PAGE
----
Part I


Executive Summary


Sensible Fish Campaign: affecting a better consumptive practice on a regional basis.


The Concrete Conservation Field Actions Committee was established as part of the World Ocean Network ( to begin and motivate efforts toward making real changes to protect our World's Oceans.  Since 2002, each year a topic of international concern has been chosen for members of the WON to adopt and adapt to their own information distribution.  With several hundred million people as an audience WON has become a recognized effort by UNESCO.  For 2005 and 2006 the Sensible Fish Campaign will officially launch June 8, 2005, (World Ocean Day) and has been chosen by a committee representing every continent of the world to combine a communication strategy between scientists, governmental policymakers, non-governmental organizations, consumers, producers, and distributors in regional coordinated meetings to identify, support and develop a way toward better fishery practices toward sustainable consumption and conservation activities.  Herewith you will find the summary findings of the Sensible Seafood Campaign Committee from members meetings between August-November, 2004.


Here are the summary findings of the Sensible Seafood Campaign Committee, from members meetings between August – November 2004. The members are representative of Public Aquarium, Fishery Industry, Government and retailers from, Argentina, Brazil, Japan, USA, France, UK, Italy, South Africa, Niger, French Polynesia, India, Pakistan, Russian Federation, Caspian CIS countries, Iran and Australia:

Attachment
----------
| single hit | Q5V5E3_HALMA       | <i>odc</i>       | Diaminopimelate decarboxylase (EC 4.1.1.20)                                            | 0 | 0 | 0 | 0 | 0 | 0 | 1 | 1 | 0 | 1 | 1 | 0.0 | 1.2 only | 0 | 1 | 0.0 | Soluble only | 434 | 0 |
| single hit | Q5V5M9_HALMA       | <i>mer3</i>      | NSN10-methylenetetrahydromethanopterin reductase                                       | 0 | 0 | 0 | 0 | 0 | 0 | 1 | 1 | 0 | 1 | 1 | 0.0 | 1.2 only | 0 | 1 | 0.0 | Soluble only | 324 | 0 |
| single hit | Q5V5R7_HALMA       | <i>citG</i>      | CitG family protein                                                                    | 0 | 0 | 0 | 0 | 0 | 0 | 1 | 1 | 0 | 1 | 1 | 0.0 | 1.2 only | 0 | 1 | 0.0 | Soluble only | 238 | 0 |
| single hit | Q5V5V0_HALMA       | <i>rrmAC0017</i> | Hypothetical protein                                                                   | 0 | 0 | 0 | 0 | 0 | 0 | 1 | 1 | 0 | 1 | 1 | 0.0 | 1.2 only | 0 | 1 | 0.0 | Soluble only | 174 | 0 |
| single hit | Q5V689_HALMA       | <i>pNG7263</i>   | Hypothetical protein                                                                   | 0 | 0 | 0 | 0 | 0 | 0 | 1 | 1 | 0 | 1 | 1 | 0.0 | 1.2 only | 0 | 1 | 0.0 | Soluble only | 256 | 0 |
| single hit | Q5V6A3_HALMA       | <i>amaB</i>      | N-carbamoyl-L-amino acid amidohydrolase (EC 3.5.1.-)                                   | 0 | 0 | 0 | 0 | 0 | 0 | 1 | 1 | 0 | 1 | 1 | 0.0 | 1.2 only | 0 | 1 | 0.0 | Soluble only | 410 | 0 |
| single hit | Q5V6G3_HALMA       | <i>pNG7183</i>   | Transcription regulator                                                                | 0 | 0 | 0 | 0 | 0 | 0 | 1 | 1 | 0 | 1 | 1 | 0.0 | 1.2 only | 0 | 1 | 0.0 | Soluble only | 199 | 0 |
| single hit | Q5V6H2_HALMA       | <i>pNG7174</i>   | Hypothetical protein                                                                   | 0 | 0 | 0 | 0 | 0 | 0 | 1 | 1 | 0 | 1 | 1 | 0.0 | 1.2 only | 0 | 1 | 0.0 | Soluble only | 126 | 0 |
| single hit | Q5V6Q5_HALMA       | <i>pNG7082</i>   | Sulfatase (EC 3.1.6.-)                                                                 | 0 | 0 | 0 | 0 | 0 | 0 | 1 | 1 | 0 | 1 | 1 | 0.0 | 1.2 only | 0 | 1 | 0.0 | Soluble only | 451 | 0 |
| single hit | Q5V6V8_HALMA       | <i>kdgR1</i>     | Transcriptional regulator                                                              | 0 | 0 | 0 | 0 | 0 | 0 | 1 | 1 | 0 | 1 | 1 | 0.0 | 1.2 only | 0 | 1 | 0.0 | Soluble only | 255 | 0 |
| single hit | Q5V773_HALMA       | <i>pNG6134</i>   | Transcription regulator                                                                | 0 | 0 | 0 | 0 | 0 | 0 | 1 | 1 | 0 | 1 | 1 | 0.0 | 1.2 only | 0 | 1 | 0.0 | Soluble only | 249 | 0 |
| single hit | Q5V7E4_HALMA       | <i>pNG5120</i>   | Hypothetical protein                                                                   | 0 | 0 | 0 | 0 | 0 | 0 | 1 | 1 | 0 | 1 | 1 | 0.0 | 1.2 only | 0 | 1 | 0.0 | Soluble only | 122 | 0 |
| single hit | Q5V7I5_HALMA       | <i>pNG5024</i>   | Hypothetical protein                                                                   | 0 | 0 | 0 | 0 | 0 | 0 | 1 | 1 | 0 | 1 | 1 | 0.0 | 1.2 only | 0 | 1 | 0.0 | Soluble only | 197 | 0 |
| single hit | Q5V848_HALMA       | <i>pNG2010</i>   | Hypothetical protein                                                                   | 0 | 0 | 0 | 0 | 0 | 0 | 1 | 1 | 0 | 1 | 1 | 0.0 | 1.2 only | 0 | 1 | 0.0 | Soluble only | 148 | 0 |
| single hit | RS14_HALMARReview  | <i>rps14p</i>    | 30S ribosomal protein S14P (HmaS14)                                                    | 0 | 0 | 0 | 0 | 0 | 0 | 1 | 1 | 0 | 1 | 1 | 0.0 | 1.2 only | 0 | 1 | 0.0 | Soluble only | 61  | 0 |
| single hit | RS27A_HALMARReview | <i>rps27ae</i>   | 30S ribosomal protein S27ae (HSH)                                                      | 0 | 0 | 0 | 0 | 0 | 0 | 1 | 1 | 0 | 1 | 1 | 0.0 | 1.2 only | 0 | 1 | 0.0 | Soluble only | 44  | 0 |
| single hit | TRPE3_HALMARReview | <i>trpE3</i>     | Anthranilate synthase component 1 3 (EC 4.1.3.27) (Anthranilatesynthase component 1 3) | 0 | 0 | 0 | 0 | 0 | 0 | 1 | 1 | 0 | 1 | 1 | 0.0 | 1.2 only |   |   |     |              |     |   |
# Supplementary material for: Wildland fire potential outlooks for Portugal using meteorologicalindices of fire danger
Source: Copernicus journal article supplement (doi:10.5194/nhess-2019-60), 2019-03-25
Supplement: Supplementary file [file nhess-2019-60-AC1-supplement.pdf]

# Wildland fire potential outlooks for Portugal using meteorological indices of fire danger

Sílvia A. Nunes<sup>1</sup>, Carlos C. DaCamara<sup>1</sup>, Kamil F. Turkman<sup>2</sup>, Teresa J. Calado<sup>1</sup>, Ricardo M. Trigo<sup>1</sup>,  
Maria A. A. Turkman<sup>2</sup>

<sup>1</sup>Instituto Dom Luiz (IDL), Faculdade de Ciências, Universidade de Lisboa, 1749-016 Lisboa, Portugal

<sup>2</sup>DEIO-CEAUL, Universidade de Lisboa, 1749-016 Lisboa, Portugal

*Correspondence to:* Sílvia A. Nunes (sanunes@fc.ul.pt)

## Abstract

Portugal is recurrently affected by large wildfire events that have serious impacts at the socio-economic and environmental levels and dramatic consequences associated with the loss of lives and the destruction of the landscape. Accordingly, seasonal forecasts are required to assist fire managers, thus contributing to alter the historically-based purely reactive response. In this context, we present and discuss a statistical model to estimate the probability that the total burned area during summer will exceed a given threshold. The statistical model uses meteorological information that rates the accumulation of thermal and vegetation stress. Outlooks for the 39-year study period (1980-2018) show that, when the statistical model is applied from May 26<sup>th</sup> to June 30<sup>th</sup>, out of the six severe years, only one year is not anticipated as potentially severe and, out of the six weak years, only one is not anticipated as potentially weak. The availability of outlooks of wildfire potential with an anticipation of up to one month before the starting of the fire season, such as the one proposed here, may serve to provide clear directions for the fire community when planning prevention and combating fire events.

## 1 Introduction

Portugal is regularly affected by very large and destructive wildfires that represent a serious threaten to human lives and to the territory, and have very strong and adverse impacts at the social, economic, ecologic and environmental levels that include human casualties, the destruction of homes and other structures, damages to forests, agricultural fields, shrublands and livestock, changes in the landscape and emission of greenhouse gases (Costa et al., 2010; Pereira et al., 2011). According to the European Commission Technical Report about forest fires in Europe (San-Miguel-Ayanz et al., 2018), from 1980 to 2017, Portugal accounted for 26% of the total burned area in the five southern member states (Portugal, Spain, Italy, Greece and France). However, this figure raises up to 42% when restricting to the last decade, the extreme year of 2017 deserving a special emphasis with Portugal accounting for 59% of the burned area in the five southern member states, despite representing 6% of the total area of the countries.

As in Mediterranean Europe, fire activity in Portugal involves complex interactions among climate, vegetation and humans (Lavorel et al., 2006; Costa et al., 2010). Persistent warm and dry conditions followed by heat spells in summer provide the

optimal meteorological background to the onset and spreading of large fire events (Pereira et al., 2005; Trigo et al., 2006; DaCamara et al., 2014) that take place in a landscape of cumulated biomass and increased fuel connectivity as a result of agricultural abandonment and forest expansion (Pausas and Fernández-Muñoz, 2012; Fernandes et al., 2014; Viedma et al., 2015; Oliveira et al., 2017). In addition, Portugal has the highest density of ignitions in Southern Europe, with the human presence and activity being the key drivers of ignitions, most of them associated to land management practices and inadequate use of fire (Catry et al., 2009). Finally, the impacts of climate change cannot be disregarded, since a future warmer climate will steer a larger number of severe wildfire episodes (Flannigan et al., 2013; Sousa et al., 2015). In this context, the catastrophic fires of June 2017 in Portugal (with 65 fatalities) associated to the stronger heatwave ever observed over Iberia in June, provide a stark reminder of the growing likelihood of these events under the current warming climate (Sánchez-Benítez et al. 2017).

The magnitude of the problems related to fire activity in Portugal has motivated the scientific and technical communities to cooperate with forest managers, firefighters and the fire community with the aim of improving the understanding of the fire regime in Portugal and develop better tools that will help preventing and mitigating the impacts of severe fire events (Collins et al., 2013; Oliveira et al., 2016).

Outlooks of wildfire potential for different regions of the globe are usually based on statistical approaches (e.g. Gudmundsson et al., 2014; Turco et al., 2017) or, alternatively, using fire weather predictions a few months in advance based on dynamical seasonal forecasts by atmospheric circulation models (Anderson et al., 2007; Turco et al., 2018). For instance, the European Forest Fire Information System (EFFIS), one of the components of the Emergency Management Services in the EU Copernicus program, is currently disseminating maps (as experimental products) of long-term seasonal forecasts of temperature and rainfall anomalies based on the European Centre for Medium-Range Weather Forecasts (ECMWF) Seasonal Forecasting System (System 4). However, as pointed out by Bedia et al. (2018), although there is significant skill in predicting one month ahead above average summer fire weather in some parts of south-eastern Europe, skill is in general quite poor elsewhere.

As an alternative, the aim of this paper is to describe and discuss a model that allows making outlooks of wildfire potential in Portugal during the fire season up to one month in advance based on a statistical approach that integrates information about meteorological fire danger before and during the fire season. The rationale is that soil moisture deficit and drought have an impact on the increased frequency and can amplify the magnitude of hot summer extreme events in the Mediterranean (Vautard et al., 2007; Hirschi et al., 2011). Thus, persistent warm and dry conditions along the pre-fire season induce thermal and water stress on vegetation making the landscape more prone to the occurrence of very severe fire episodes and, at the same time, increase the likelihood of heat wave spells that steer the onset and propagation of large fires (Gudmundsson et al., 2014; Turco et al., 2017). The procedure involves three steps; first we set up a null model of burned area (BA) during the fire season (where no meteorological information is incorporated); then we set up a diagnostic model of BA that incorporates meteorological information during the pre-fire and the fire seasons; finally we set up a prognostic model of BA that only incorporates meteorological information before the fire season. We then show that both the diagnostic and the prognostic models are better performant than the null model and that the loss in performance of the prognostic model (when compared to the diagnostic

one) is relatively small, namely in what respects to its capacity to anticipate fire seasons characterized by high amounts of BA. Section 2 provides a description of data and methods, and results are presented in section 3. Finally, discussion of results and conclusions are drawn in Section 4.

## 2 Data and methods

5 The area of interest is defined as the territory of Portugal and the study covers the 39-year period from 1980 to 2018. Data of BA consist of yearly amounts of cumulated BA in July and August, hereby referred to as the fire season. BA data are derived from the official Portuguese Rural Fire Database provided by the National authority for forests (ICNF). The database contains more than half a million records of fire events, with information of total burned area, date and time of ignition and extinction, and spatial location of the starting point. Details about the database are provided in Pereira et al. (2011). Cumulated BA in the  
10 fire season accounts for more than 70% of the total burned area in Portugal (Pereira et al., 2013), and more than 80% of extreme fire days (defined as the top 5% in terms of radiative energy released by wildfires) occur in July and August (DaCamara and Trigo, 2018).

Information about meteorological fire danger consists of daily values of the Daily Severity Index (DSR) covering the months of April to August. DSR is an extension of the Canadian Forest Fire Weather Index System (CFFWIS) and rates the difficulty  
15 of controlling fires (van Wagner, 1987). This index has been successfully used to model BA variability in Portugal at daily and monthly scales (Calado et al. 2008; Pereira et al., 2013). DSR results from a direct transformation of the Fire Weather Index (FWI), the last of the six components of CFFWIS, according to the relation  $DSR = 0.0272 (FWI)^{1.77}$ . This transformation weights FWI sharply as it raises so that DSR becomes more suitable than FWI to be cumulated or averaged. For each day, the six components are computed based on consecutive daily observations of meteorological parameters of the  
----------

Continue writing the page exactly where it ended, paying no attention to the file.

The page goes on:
I.                   The defined need is to have Regional Coordination Meetings for the roll out of the Sensible Fish Campaign 2005-2006.


II.                The message was defined as:

a)       To encourage and empower consumers to be able to make sustainable choices when buying seafood.

b)       To turn purchases and actions into positive environmental changes and greater financial motivation for other stakeholders levels

c)        To promote consumption patterns that maintain  healthy ecosystem

d)       To eat fish that are not inherently vulnerable to overfishing

e)       To eat fish from well-managed fisheries and fish farms

f)        To promote the sharing responsibility in fishery management.

g)       To Promote biodiversity in aquaculture – any fish consumed affects an ecosystem


III. This message could be delivered through the partners as further identified by each local effort (see 1. above):

a)       The Consumer Level (with special attention to Families and Family dynamics)

b)       Restaurants and Retailers

c)        And, School Children.


IV. International campaign rollout to media and levels (3. above):

  • Identified Campaign mascot
  • Sensible Animated Cartoon series
  • Website (with language translation choice, English, Chinese, French, Spanish, Russian)
    • Regional Chapters Activities
    • Documents download
    • Educational Material
    • Cartoons
    • E-postcard
    • Sensible Newsletter
    • Forum
  • And, related scientific support and policy documents will be produced.


Sensible Fish Campaign Layout – 2004 Pre-Campaign